Friday 9th October Orientation walk around Leek Staffordshire on the architectural trail. The walking trail around the town revealed the Victorian influence, many of the buildings were in the Arts and Crafts style. William Morris had an influence, spending long periods of time here as the town was a centre of silk textile industry, there is still the Leek school of embroidery here. We started our walk at the Nicholson War Memorial 90 ft high and made of Portland stone one of the highest in the country. We then explored the graveyard of St Nicholas Church where there are the remains of two pre-Norman crosses. We passed many fine examples of Georgian town houses and lost count of the number of pubs on route with unusual names such as the Silent Woman. Following our walk, we all dispersed to various eateries in the town centre. Saturday 10th October Hikers walk of 12mls across moorlands, fields, finishing with a walk alongRudyard lake. We arrived at our starting point at Rudyard miniature railway and reluctantly emerged from the cars to face a heavy downpour. On a fine day the views would have been stunning we had some periods of dry weather which enabled us to stop for snacks and drinks. We walked over the Staffordshire moorlands with heather and ferns beginning to go into a lovely golden colour. We estimated that we climbed over approximately thirty stiles in varying states of dilapidation. We had a pub stop for a late picnic lunch the manager was happy for us to eat indoors and we enjoyed the local beers and ales. We finished our hike walking along the lakeside shore and ended up at the boathouse for a group photo. In spite of the intermittent heavy rain we enjoyed a varied walk. Continue reading Leek 9 to 12 October Hikers report→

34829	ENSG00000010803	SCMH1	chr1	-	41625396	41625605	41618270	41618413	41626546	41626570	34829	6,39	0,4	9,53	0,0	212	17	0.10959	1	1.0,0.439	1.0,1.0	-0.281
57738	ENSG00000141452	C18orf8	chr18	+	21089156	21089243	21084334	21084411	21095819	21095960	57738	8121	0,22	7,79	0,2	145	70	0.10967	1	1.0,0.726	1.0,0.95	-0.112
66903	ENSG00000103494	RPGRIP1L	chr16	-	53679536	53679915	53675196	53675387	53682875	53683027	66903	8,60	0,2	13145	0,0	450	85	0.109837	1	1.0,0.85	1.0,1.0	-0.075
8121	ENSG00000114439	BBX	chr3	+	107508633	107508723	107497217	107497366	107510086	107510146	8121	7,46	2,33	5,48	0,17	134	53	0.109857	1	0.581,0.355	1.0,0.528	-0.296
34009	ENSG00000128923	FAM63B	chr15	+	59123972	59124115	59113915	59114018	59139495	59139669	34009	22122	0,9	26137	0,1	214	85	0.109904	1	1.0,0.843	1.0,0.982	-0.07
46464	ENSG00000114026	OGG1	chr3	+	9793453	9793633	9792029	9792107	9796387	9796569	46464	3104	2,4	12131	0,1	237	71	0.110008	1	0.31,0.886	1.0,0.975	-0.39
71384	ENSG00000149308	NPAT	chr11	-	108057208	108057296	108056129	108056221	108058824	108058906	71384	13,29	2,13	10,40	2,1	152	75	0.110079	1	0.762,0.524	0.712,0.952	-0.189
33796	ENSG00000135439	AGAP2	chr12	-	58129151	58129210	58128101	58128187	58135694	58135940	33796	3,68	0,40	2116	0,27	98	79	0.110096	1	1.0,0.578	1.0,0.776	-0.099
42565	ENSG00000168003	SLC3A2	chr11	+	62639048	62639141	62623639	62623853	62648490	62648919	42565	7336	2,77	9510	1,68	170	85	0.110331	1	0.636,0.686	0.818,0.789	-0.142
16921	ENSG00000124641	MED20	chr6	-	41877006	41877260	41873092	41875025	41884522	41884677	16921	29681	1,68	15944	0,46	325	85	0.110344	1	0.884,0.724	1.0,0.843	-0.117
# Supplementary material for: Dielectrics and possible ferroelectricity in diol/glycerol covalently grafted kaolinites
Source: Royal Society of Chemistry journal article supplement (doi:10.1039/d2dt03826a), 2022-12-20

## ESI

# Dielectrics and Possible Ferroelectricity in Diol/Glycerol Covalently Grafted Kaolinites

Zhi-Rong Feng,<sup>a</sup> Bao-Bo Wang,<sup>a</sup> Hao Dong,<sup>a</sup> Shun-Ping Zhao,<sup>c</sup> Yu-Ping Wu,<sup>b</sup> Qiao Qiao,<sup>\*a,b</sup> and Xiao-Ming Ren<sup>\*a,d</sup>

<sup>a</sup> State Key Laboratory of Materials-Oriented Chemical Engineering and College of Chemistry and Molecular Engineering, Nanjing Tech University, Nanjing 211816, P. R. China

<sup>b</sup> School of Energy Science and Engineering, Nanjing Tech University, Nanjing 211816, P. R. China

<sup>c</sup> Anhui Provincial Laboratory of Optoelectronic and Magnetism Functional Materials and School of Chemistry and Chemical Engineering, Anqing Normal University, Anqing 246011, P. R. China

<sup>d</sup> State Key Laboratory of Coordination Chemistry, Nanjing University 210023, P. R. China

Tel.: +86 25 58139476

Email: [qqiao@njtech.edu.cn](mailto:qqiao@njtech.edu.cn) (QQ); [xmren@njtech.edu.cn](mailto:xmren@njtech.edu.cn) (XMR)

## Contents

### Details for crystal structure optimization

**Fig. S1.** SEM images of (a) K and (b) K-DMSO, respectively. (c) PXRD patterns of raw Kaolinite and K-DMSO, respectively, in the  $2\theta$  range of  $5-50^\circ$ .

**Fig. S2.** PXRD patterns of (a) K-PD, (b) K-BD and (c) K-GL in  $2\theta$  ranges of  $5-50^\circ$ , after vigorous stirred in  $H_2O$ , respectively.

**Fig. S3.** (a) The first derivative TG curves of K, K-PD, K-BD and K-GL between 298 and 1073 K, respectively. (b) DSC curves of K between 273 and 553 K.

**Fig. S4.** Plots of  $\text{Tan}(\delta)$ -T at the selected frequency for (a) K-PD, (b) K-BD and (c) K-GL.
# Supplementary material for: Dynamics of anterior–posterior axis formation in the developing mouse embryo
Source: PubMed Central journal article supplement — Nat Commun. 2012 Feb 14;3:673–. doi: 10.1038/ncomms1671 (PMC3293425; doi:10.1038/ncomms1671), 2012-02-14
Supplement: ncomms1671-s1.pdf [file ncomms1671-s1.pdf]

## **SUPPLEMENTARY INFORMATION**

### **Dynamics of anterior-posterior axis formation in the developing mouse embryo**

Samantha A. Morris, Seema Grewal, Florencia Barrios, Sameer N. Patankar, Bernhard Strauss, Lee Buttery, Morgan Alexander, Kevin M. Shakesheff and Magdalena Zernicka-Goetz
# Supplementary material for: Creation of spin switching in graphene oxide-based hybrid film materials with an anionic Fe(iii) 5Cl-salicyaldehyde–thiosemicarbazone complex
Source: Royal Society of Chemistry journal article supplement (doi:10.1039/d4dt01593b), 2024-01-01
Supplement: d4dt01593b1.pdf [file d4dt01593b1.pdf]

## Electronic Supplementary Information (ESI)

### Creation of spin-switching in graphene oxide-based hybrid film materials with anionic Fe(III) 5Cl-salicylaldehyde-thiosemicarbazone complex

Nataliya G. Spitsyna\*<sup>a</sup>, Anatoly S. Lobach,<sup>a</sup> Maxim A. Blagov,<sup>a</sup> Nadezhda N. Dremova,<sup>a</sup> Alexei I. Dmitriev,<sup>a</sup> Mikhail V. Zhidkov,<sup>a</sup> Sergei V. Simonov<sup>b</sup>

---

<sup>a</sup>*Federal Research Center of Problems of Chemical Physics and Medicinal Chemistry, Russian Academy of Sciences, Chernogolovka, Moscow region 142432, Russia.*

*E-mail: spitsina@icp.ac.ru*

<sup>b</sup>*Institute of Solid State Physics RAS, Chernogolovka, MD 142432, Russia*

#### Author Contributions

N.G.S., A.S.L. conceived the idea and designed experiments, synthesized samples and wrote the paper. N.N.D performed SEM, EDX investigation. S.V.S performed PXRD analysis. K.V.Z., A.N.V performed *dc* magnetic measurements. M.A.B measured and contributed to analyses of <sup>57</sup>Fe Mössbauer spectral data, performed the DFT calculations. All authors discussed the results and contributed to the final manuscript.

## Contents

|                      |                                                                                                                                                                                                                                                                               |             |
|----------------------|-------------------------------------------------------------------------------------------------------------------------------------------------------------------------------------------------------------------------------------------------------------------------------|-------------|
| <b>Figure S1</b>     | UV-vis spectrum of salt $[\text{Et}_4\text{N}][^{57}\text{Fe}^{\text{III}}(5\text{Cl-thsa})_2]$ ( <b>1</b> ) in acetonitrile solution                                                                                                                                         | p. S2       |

Five Polyramblers met at West Drayton Station with our organiser Val who lead the way down Drayton High street to Trout Lane and onto the canal. I was saddened to see the significant amount of rubbish in this area, however this did not detract from the interest of the canal. There were large numbers of narrow boats, and lots of coots and swans with their youngsters. We walked along to the Packet Boat bridge to detour onto the Little Britain lake. We wandered around the lake where there were a number of people fishing and it was lovely to watch the adolescent swans and other wildlife. We returned onto the canal towpath passing a working boatyard before reaching our lunch stop at the General Elliot pub. Continue reading Circular Canal walk from West Drayton via Little Britain Lake and Uxbridge→
Twelve ramblers met at Little Chalfont and Latimer station to begin our walk. It had rained the night before so unusually there was some mud underfoot.We walked through some woods and then followed the waymarked path over fields until we reached the river Chess. We admired a view of the tall gables of Latimer House on route. We followed the Chess path stopping to admire a cormorant before stopping for some elevenses at Latimer village Green. Carol had thoughtfully made some ginger flapjacks for us. We continued to the Water Cress farm and climbed the one moderately steep hill of the day before reaching our lunch time picnic destination of Holy Cross church built of flint in the 12th century. The church has a number of lepers buried there. I over heard a small child taking about Leopards leaping about the graves, a slight misunderstanding!A few of us had lunch at the Cock Inn near to the church whilst the rest of us joined them for a very pleasant drink following completion of our picnic. We were lucky as the rain at this point had stopped. Continue reading Saturday 15th August Little Chalfont to Latimer 9 miles circular walk→
The Polytechnic Rambling Club – Walking with friends